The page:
earthsong

Overture is the story of the end of the world. A Near Earth Object, previously thought to be in a safe orbit, has mysteriously shifted onto a collision course with our planet, and no one knows why. At the same time, a device has appeared in New York’s Central Park. One of 12 placed by aliens. It may represent an escape, but only for a small fraction of the population, and only if the team studying it can figure out what it is.

In the meantime, the other 11 devices have inflamed tensions around the world. As certain factions come to realize what the device is, a possibility of escape from the devastation of the impact, violence and conflict erupt as they vie for access and control of the portals.

This story introduces us to Mindy Patoy, a disgraced former astronomer, as she tries to decipher the purpose of the device, how it works and where it leads. Further complicating the issue is that this device, like each of the 11 others around the world, will only transport 144 individuals before shutting itself down. She must try to survive, as various different groups try to seize control of the device for their own ends, all before a world killing asteroid destroys all of humanity.

Overture is the first book in a series of four available, with more forthcoming. It is, as far as I can tell, Mark Wandrey’s first published work, and self-published, at that. I went into it with some trepidation. Mark is someone I know and talk to online, and I’m always a bit leery or reviewing someone I know. He didn’t ask me to read it, nor know I was planning on reading or reviewing it. My plan was, in fact, to give it a shot and if it was bad… we would never speak of it again. As far as I was concerned, it would never appear here. At least, not from me.

And yet, here it is.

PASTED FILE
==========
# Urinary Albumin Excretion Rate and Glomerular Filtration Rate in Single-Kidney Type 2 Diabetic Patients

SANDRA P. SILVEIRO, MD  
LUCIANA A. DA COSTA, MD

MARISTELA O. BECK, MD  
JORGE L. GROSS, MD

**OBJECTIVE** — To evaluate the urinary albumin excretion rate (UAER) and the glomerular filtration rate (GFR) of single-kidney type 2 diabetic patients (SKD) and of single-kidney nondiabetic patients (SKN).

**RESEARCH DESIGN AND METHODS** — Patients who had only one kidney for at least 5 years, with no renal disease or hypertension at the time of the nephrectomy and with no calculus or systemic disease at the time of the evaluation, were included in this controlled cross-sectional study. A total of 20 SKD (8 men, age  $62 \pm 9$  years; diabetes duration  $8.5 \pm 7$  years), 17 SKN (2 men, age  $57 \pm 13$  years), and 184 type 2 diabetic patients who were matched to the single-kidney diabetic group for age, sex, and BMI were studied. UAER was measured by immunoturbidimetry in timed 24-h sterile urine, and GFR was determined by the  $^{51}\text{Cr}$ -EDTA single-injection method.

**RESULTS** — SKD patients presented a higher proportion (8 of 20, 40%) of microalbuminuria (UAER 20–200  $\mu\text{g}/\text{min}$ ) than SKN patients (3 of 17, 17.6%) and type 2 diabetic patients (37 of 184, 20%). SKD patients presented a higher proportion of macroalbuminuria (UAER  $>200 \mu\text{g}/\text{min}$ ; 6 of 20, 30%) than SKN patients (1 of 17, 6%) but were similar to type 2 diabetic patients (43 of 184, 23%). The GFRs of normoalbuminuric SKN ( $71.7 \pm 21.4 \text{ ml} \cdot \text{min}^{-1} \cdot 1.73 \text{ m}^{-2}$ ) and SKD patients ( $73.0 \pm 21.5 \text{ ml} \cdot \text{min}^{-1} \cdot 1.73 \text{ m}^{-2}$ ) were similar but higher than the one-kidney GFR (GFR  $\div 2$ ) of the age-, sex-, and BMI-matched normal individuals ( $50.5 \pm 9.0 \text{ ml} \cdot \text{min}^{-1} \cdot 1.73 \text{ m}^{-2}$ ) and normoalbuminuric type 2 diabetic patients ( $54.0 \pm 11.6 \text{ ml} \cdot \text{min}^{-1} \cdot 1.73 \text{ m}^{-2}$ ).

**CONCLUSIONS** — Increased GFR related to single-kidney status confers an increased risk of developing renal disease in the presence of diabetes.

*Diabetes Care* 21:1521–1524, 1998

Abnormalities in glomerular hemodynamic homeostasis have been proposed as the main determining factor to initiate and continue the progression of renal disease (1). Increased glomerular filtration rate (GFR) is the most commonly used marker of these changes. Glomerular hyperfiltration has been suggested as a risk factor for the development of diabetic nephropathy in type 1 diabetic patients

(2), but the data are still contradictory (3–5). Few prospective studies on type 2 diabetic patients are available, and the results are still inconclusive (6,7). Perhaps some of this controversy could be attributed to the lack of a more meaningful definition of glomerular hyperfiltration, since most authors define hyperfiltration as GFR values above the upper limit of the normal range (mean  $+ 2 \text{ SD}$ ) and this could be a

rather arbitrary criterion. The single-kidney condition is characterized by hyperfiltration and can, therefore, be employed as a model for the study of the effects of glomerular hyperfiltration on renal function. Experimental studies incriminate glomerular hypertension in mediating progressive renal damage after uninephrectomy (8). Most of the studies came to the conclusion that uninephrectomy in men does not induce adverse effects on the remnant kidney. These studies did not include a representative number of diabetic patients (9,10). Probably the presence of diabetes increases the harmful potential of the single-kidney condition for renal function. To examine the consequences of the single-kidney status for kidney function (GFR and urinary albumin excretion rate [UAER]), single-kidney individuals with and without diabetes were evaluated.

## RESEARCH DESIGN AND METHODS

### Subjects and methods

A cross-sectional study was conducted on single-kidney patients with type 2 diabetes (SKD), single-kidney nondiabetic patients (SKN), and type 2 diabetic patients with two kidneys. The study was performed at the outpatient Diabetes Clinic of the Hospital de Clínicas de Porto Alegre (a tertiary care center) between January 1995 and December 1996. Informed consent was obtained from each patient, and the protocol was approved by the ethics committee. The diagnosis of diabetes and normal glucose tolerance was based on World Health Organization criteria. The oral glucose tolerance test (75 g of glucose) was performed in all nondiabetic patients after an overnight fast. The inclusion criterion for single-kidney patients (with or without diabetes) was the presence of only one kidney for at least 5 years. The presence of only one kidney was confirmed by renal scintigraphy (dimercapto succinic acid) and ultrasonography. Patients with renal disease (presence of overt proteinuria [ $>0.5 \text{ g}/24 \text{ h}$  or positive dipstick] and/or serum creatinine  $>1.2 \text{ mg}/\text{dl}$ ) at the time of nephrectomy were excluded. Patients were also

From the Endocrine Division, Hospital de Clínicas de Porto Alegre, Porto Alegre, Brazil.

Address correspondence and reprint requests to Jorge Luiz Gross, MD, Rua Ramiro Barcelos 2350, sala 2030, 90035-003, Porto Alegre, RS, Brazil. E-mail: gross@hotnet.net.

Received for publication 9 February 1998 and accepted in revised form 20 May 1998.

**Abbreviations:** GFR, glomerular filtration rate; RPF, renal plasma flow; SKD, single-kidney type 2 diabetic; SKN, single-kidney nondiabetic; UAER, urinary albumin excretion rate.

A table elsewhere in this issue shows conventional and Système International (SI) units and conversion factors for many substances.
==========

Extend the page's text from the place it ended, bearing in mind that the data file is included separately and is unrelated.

It’s good. Really good. All of the technical aspects of a good, professional author are there. The dialog is believable. The characters act on believable motivations in believable ways. As to the story itself, it flows very well and I found myself reading deeper and longer, just one more page, one more chapter. This does not appear, to me anyway, to be the effort of an amateur.

As a fan of science fiction, I found the science to be solid, believable, and internally consistent. To me, there is nothing more likely to jar me out of an otherwise good story than just bad science. I have no problem with McGuffins, mind you. You know, those plot devices, like faster than light travel, or laser swords, or portals to other worlds for that matter, that the author asks you to accept when we don’t have the science to back it up. That’s not bad science, it’s just speculative, and that’s OK. Mark has his McGuffin in there, but no bad science.

I will say that it isn’t the absolutely best book I’ve ever read, but as I look over to my bookshelf, I see Tolkien, Pratchett, Herbert, Heinlein and McCaffery, so best book is quite a high hurdle. On the other hand, I honestly think that Wandrey can go on that bookshelf in good company and deserving of inclusion. In fact, I’m going to give the best one-sentence evaluation I think I can give an author or a book in a series.

It’s time to buy the next book.

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